Can I Negotiate a Debt Settlement by Myself?

    While debt settlement is a service that credit counseling companies in Canada offer, you can attempt to do it yourself. You’re less likely to be successful, but you’ll also save on the fees that these companies charge for negotiating on your behalf.

    If you are planning to go the DIY route, you will most likely be able to negotiate with your lenders to reduce your interest rate and extend your loan term, which will make your payments more affordable. You may also be able to arrange a partial payment.

    To negotiate your debts, you’ll need to look at your finances and determine what you can reasonably pay towards your debts. Your budget will need to be highly accurate since you’re committing to making these monthly payments after negotiating with your lender.

    Next, document the circumstances that led you to see a debt settlement. For example, if you experienced a financial catastrophe, gather documentation like bills and statements that you can show your lender to prove financial hardship.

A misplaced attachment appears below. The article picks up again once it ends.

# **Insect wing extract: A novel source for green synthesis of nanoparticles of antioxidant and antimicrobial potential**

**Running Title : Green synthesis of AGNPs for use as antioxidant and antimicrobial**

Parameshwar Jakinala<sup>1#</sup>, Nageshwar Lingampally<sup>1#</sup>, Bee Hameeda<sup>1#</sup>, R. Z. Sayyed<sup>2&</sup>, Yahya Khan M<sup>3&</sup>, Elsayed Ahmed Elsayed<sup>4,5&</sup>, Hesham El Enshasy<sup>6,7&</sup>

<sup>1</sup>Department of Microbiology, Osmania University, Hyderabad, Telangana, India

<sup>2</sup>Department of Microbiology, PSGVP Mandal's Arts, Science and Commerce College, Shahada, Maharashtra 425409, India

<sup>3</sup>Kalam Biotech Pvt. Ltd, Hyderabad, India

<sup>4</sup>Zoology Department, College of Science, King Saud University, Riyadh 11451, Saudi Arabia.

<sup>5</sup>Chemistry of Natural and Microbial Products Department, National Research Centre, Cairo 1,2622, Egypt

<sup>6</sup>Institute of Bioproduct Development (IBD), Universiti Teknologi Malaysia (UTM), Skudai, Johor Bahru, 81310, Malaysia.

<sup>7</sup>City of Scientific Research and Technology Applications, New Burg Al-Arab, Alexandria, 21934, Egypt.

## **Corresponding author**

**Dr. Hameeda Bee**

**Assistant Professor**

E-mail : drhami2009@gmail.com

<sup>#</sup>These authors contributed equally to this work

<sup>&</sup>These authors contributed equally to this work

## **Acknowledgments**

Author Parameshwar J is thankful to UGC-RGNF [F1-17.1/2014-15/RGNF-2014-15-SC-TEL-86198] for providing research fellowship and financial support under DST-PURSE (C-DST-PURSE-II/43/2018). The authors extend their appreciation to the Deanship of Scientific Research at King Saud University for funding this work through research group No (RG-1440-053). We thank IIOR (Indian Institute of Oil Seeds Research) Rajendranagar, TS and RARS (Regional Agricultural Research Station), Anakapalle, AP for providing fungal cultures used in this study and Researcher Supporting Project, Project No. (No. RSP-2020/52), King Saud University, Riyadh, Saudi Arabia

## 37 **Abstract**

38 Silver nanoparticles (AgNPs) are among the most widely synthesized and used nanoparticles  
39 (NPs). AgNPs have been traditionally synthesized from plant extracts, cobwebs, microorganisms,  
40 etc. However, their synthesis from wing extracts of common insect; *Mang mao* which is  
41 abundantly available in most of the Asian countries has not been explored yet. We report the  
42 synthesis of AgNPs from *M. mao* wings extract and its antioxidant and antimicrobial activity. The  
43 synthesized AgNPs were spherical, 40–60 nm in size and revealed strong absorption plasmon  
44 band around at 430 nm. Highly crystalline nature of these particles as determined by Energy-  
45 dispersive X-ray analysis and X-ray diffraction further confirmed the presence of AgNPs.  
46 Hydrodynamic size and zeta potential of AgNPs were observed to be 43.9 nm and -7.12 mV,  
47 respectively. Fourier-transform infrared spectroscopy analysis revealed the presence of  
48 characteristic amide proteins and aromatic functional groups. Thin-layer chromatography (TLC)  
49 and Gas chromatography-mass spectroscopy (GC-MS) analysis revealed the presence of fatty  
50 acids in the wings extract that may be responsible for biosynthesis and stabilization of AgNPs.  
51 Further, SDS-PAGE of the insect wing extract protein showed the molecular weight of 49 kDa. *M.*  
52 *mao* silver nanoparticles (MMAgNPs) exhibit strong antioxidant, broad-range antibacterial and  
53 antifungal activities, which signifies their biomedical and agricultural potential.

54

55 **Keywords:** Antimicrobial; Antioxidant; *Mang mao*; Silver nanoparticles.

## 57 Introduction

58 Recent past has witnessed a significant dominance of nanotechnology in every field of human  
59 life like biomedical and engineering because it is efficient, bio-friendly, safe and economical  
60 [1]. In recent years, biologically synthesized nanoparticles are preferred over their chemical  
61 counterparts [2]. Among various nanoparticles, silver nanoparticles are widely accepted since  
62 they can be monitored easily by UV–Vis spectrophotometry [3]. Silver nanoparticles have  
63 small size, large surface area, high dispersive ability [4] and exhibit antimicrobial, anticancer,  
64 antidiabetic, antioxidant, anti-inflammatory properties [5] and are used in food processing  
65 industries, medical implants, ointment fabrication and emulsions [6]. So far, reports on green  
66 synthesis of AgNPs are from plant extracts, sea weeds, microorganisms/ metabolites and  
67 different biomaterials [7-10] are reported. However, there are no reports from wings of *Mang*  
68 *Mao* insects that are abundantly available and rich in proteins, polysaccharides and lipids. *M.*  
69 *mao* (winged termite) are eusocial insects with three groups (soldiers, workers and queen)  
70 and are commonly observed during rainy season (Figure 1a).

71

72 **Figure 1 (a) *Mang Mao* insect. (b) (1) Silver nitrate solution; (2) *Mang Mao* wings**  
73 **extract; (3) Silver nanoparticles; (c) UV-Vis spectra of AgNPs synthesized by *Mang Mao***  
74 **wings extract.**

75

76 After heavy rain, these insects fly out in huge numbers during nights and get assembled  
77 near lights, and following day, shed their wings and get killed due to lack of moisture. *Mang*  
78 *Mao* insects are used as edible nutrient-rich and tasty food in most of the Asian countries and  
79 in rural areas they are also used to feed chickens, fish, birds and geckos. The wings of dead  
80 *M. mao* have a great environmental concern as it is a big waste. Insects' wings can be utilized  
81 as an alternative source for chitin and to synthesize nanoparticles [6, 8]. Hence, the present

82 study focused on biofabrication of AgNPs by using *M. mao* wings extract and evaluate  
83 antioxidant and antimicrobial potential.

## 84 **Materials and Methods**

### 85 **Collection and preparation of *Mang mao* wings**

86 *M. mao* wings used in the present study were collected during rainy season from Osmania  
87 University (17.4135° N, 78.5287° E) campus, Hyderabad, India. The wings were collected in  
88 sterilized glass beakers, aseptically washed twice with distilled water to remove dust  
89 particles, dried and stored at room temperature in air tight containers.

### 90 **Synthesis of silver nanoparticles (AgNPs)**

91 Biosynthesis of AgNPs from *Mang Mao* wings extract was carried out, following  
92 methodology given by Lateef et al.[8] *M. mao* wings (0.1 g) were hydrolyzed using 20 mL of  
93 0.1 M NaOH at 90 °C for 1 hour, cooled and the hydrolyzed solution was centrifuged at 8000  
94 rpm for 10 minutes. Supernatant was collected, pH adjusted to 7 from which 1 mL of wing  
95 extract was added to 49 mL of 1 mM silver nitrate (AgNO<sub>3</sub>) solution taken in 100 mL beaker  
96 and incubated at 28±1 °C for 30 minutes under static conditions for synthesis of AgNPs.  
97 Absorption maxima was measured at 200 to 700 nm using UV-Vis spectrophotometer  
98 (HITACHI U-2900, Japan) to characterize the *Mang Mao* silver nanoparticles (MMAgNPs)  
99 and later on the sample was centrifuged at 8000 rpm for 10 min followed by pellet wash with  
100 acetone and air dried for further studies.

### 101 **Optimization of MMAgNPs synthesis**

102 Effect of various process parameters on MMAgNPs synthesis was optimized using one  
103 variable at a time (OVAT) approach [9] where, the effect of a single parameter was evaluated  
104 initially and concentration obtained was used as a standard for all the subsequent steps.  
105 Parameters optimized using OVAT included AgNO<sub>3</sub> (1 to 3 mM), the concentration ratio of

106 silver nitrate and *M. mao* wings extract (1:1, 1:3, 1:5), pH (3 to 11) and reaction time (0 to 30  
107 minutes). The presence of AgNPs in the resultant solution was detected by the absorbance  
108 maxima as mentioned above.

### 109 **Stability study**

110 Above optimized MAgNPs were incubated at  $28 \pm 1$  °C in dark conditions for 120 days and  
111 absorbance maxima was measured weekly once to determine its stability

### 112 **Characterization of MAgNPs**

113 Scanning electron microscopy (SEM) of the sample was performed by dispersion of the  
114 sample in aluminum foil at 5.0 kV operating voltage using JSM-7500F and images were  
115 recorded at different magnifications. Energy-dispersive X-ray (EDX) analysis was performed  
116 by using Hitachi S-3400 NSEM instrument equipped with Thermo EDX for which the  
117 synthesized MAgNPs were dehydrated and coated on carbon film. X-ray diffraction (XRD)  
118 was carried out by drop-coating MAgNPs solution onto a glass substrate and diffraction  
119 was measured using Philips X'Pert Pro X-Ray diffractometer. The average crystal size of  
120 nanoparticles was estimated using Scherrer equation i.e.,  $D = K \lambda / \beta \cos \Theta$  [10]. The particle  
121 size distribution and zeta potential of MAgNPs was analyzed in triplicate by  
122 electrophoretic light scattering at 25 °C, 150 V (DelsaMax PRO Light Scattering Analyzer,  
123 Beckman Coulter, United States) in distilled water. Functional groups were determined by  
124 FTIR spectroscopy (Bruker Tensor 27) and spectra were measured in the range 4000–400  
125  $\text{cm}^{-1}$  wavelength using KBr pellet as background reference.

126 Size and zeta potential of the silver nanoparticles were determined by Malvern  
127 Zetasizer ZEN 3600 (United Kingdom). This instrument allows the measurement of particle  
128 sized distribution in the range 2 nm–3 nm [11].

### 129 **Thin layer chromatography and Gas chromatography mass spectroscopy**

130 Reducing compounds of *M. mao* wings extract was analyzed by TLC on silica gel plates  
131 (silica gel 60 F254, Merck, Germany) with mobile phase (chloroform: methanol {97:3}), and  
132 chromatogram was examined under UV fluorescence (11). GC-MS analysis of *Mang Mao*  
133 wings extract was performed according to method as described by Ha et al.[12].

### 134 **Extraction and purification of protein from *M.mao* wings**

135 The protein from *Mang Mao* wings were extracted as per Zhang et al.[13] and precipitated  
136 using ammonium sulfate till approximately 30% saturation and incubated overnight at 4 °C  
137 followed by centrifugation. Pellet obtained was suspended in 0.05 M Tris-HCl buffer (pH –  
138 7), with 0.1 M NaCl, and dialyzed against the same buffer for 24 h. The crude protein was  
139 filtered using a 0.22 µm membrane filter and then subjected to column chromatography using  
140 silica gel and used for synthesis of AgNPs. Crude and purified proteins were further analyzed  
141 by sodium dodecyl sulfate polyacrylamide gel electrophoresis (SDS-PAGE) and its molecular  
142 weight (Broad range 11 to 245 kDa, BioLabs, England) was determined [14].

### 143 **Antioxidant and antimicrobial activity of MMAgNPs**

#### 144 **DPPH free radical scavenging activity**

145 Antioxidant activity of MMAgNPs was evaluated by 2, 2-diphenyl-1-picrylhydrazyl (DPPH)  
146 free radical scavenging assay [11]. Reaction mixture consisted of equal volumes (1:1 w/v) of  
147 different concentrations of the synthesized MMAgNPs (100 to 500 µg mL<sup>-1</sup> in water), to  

Next, be prepared for your creditor not to be receptive to your request. You should get familiar with the laws about what they are and are not allowed to do to collect on their debts and prepare your offer in advance. If your creditor agrees to settle your debt, request all documentation in writing. Then, and this is very important, hold up your end of the agreement. Avoid late payments at all costs.